For many, coffee on the trail is a must. Whether you’re planning to make instant coffee or want to try something fancier like a percolator, French press, or pour-over, make sure you have the right set-up. If you’re bringing a stovetop more options are open to you, but as long as you can boil water you can get a good cup of joe. The easiest morning coffee only requires pre-measured coffee grinds and hot water. Don’t forget to bring sugar packets and powdered creamer if you’d like to dress it up. And an insulated water bottle with a flip lid is an easy serving “mug” for your morning coffee.
8. Insulated Cooler
Another component of your essential camping gear checklist is a well-packed cooler if you’re planning to bring perishable cooking ingredients. What is well-packed? For maximum efficiency, a cooler should start with a layer of ice or ice packs on the bottom. Camping expert Devon O’Brien from Eating Well magazine likes to place a wire rack on top, which will keep any foods out of the water from melted ice. He advises storing raw meat and seafood in airtight containers and keeping them on top of the wire rack. This will keep any juices from contaminating other foods in the cooler. The next layer should be any perishable foods that you need to access often such as dairy products. To save more room for supplies, keep non-perishable foods such as apples, peaches, and tomatoes in a separate container.
9. Rolling Tote
If you’re car camping and can carry more weight, consider a tote to carry all your belongings. Look for a large rolling tote that can double as a flat tabletop complete with cup holders and a durable surface. It should be big enough to hold all your camping gear, including a tent, furniture, and other essentials. This multi-purpose camping gear item helps you easily carry heavy equipment to your site. Once you've hauled in all your gear, you can repurpose it as a tabletop. Use it as a convenient side table for placing your water bottle, a tabletop lantern, daypacks, cell phones, and other important items that need to be within arms reach.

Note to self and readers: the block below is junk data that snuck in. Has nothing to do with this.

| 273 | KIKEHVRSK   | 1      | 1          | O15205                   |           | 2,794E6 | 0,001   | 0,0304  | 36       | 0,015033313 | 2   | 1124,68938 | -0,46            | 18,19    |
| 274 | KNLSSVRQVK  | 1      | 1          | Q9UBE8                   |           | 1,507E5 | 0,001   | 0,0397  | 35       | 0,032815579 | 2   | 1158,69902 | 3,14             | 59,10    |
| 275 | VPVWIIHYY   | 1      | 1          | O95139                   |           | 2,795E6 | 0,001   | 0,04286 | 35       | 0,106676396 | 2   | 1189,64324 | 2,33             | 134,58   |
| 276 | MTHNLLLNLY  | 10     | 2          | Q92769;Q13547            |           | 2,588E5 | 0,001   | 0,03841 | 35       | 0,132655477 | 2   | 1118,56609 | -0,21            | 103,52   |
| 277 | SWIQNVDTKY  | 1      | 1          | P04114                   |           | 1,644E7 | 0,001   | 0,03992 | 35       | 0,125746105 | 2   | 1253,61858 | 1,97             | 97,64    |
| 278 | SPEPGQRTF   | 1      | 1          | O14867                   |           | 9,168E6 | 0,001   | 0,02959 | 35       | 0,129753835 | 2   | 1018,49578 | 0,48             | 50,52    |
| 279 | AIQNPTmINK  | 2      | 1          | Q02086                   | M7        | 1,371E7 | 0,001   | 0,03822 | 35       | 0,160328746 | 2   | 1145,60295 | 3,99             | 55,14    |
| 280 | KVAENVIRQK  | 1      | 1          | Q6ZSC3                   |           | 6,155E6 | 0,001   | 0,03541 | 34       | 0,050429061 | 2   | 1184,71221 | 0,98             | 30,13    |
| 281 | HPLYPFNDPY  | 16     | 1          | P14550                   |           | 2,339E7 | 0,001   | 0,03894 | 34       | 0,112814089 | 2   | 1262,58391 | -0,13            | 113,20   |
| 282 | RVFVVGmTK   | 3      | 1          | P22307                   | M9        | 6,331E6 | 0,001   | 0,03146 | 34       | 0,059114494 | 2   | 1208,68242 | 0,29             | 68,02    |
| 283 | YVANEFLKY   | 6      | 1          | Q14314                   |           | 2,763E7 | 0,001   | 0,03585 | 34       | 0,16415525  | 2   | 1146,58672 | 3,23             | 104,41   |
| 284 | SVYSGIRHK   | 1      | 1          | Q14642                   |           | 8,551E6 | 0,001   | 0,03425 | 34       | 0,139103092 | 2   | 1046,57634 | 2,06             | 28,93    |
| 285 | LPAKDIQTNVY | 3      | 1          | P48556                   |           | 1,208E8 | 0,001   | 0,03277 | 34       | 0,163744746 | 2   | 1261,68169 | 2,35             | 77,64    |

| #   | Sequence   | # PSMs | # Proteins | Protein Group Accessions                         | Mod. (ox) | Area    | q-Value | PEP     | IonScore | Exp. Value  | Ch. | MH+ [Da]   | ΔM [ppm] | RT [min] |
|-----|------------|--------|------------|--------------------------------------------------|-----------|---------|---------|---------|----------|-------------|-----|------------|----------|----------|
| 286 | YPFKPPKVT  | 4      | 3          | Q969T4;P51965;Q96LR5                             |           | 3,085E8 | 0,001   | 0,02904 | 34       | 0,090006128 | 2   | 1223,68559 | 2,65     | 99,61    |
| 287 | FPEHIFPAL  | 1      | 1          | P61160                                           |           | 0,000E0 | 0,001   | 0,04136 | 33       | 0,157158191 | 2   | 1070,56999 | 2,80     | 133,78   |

10. Battery-Powered Headlamps
Let’s talk about lighting. In terms of functionality, the most important lighting you can bring along on your camping trip is a few headlamps with extra batteries. Anytime you need to find your way in the dark while camping, a headlamp will give you hands-free lighting. Small flashlights stored in small backpack compartments and other easy-access side pockets are also handy to have nearby.
11. Mini LED Christmas Lights
For inside the tent, you don't always want the brightness of a headlamp. After you're done organizing your gear and getting your site set up, having less harsh lighting to use when you’re winding down at night is a nice change. The perfect solution is a set of mini battery-powered LED Christmas lights. Place in the tent pocket or string them up along the zippered entrance for a touch of soft illumination.
12. Table Lantern
A battery-powered table lantern is also a practical campsite accessory when you need more lighting than mini string lights. Keep it on the rolling tote/tabletop for a rustic and cozy home away from home.
13. Sleeping Pad & Sleeping Bag
Just because you're enjoying the great outdoors doesn't mean you have to rough it and be uncomfortable. Inflatable sleeping pads put a necessary layer between you and the earth, while providing a layer of insulation to keep you warmer. For a bit of at-home comfort and extra softness, pack a sleeping bag approved for the season you’ll be camping during. Consider a sleeping bag liner if you’d like the additional warmth.
14. Folding Chairs
Being out in nature is also a perfect time for quiet introspection or simply resting and relaxing. As part of your camp furniture, a few fold-up chairs inside the tent will provide a comfortable hangout area when you need to get away from mosquitoes or bad weather. A few chairs outside the tent can also be for sitting by the campsite fire.
If you’re wondering what to pack for camping, it all depends on your personal preference. When you bring the best equipment and accessories for your needs, you won't have to go out on a limb to enjoy nature.